One of the other reasons I went with this printer is the supposed support in Windows 10s 3D Builder application.  I haven’t actually gotten that to work yet, but I should be able to print directly from whithin Windows without requiring any additional software.  That will be nice, as then I can stay within the sweetness of that Windows app.

Other than the broken ties, this machine is a good basis for playing around with a lot of stuff.  Filament loading and ejection is nice and easy, and Prusa now has a multi-color option they’re experimenting with.

At roughly $900 shipped, this printer might make for a good solid inexpensive and reliable option to build a print farm of perhaps 6 printers.  At this price, I could put together 6 printers for roughly the price of a single Type-A machines printer ($5,000).  That would give tremendous print capacity, and a solid high quality no-nonsense printer to boot.

We’ll see.


Supporting the Next Industrial Evolution

A long time ago in a galaxy far far away… I was in business with my brother.  We did software, on odball platforms such as NeXT and BeOS, until I left for a job in the Pacific Northwest.  In the past couple of years, we have been having discussions about the economy, and where jobs have gone, and what can be done to create new jobs.

One of the thoughts that I’ve had on the matter is that certain types of jobs are rapidly disappearing, like heavy manufacturing.  A lot of these jobs are disappearing because of automation, or shifting labor rates, or shifting raw materials, or simply the needs of societies are changing.  Moving out of coal, more into natural gas, so less coal miners needed.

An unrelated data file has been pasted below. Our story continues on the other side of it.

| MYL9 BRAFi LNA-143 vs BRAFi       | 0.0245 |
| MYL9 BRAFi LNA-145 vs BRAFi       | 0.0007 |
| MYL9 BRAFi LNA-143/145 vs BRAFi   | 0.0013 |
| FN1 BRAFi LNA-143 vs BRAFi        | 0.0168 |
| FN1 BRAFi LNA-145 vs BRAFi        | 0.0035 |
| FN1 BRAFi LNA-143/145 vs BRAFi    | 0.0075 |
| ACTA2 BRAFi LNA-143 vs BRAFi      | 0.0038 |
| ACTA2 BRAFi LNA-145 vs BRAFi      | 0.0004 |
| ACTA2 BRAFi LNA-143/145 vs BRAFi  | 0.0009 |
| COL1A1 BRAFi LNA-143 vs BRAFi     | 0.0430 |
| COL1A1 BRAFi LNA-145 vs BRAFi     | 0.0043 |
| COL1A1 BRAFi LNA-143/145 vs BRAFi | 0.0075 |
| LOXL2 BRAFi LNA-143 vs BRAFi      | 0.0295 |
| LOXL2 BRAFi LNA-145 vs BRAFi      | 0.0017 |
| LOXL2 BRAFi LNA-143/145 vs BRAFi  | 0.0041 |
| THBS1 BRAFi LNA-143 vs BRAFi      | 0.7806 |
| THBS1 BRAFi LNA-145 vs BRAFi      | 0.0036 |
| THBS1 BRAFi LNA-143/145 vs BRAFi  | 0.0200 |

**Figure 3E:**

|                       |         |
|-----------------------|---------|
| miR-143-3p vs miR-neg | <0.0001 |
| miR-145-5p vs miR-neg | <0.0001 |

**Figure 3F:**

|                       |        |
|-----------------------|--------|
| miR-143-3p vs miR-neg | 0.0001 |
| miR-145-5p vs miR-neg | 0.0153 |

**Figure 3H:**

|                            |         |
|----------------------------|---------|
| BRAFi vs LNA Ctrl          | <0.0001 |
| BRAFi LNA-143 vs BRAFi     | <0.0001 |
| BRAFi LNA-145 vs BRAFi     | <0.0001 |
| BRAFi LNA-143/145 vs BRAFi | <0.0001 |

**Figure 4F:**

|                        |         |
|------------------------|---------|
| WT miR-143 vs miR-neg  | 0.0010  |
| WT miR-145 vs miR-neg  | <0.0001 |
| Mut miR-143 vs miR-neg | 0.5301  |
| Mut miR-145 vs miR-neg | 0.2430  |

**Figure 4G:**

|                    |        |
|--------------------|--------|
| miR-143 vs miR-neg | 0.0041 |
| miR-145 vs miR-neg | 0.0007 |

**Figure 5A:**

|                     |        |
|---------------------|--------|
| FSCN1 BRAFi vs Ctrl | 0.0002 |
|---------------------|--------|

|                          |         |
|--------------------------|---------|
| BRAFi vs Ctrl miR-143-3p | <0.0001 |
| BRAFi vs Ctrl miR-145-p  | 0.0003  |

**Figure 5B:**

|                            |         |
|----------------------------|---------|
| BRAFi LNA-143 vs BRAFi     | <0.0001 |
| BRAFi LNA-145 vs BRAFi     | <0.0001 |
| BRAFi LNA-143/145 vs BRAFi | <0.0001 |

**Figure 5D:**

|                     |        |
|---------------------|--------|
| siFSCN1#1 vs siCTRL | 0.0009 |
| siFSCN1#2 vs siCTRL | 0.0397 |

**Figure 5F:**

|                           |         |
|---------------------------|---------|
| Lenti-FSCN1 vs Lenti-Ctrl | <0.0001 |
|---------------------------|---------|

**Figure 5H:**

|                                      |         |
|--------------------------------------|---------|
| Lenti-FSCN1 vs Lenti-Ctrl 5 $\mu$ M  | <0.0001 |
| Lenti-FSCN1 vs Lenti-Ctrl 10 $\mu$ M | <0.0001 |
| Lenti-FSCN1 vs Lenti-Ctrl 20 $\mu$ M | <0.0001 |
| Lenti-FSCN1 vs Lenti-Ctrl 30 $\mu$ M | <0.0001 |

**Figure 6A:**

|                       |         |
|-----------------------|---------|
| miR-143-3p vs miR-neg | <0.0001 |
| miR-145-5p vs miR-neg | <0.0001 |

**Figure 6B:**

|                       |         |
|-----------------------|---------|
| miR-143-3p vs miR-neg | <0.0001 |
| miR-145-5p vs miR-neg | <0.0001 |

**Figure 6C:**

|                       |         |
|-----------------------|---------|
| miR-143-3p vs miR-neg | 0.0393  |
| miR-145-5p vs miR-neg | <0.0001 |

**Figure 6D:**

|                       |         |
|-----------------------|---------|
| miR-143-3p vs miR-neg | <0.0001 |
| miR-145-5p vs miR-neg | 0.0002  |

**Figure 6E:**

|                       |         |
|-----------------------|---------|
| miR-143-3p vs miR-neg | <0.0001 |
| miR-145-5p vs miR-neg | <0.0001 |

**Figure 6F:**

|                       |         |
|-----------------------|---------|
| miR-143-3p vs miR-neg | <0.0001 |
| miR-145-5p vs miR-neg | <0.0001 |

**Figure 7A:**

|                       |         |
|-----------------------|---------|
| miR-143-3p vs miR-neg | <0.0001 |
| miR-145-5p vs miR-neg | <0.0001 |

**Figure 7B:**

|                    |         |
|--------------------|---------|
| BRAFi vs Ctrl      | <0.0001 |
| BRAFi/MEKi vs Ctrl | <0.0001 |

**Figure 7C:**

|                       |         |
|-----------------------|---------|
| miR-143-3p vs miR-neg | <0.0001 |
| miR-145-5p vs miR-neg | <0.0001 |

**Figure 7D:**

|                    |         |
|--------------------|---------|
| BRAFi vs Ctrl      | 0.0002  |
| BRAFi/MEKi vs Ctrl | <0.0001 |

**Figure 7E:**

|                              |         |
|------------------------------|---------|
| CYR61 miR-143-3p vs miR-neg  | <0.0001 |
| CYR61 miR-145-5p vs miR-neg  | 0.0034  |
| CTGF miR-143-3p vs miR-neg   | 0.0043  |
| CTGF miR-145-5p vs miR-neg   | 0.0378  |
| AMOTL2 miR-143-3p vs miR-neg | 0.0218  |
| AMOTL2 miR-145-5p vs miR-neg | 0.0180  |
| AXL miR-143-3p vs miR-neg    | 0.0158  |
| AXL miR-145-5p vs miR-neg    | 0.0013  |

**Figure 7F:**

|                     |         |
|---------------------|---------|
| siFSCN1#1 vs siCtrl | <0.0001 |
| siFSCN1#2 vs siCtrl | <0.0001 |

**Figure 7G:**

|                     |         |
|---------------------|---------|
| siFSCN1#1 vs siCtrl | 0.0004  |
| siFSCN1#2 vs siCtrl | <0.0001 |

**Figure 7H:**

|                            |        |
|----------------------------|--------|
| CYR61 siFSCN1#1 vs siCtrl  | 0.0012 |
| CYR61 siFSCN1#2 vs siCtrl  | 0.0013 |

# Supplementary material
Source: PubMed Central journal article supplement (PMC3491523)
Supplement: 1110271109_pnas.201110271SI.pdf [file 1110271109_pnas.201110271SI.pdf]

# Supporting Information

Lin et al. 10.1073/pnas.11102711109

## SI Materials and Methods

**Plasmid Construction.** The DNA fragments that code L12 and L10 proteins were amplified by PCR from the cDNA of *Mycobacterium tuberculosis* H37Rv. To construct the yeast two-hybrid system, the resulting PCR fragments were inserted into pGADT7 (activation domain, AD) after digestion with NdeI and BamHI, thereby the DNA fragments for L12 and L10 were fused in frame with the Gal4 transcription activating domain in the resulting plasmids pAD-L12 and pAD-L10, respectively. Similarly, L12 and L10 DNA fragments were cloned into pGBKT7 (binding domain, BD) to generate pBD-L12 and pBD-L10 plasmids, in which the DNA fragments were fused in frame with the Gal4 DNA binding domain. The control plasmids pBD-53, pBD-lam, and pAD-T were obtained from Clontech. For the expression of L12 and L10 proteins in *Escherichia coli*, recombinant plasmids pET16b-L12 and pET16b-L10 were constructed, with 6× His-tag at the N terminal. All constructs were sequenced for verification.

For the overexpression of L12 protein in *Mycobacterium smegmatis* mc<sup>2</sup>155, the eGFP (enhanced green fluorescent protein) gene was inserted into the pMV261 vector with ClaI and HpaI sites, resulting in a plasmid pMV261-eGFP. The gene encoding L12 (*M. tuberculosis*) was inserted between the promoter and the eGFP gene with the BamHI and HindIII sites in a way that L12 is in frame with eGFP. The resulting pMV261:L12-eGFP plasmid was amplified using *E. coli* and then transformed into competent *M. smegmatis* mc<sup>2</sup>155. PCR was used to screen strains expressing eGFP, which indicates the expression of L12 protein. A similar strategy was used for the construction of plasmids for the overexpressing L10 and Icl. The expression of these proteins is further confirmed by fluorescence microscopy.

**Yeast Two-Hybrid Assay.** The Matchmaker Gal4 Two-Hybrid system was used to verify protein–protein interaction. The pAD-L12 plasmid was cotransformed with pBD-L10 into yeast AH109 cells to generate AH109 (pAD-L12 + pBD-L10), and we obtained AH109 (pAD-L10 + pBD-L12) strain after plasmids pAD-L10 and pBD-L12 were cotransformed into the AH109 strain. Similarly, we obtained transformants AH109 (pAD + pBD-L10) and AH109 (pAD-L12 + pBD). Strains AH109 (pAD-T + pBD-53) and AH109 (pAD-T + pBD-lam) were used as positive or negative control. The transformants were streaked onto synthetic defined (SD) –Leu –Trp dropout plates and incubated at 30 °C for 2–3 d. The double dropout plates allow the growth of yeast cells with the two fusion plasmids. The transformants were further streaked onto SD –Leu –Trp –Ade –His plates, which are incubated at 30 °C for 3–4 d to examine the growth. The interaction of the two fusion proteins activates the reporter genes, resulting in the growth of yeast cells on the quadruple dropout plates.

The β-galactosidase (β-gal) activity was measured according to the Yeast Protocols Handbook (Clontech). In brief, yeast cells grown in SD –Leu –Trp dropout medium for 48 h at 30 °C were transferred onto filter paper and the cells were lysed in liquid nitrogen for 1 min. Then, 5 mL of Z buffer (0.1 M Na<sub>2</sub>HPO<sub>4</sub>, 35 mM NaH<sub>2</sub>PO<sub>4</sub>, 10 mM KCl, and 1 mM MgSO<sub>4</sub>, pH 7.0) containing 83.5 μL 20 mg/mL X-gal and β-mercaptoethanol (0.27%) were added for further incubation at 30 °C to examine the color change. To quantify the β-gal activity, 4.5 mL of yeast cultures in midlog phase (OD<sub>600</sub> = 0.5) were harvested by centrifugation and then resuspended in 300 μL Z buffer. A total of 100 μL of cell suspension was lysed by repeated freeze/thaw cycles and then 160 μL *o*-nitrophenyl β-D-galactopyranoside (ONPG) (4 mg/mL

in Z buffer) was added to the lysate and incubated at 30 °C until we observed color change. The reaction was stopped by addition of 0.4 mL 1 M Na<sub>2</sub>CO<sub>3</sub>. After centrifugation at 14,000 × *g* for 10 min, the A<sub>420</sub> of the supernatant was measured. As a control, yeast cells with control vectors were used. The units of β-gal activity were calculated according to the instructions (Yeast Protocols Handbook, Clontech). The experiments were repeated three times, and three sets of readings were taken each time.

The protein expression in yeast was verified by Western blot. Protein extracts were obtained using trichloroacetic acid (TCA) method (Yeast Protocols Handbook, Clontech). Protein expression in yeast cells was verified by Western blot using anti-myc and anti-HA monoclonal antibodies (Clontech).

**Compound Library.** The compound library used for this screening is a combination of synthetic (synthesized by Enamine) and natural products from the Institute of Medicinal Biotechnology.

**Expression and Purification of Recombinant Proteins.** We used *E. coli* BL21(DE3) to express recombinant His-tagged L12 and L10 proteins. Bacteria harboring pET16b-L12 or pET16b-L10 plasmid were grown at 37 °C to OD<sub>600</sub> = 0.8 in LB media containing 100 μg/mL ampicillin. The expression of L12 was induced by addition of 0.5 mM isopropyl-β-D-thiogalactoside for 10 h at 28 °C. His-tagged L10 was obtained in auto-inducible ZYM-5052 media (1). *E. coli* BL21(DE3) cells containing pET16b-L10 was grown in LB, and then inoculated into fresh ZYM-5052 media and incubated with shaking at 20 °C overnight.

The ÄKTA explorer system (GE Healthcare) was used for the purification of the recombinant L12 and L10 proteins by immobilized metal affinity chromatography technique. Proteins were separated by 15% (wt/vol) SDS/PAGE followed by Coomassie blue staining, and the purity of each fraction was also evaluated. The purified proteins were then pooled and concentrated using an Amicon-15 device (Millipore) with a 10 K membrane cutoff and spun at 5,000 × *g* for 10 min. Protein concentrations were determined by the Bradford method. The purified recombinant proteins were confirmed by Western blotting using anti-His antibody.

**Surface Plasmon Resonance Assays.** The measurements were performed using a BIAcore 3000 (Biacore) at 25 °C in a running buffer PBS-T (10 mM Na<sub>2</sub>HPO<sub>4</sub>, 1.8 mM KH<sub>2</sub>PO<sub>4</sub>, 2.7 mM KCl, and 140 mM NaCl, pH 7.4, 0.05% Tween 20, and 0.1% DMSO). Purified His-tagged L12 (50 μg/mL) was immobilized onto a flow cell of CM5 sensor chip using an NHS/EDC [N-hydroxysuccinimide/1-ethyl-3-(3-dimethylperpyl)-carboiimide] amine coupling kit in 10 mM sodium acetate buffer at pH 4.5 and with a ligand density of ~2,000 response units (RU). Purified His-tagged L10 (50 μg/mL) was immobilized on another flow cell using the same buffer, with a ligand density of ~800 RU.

One of the things that’s been changing most recently is what I’ll call the democratization of manufacturing.  When you can purchase a “computer” for $250 (lastest Samsung ChromeBook), and you can purchase an assembled 3D printer for less than $1,000, you’re suddenly got in your hands the tools to begin micro manufacturing.  You can both create the appropriate design files, and with a reel of plastic, you can print off your own versions of things, locally.

This sort of scenario is being played out time and again in Maker Faires, NYTimes articles, Wall Street Journal and the like.  There is a lively community of makers in the world, and they’re all kind of chanting in the same way “We want to make our own stuff”.

One aspect of the maker community that is true for me is that my design skills are somewhat limited.  I’m not a SketchUp user, nor will I ever master SolidWorks, or anything remotely like that.  But, I know people who are experts in that stuff.  I’m an expert in certain kinds of software development.  Of late, I’ve been focused on things related to cryptography, identity, and network services.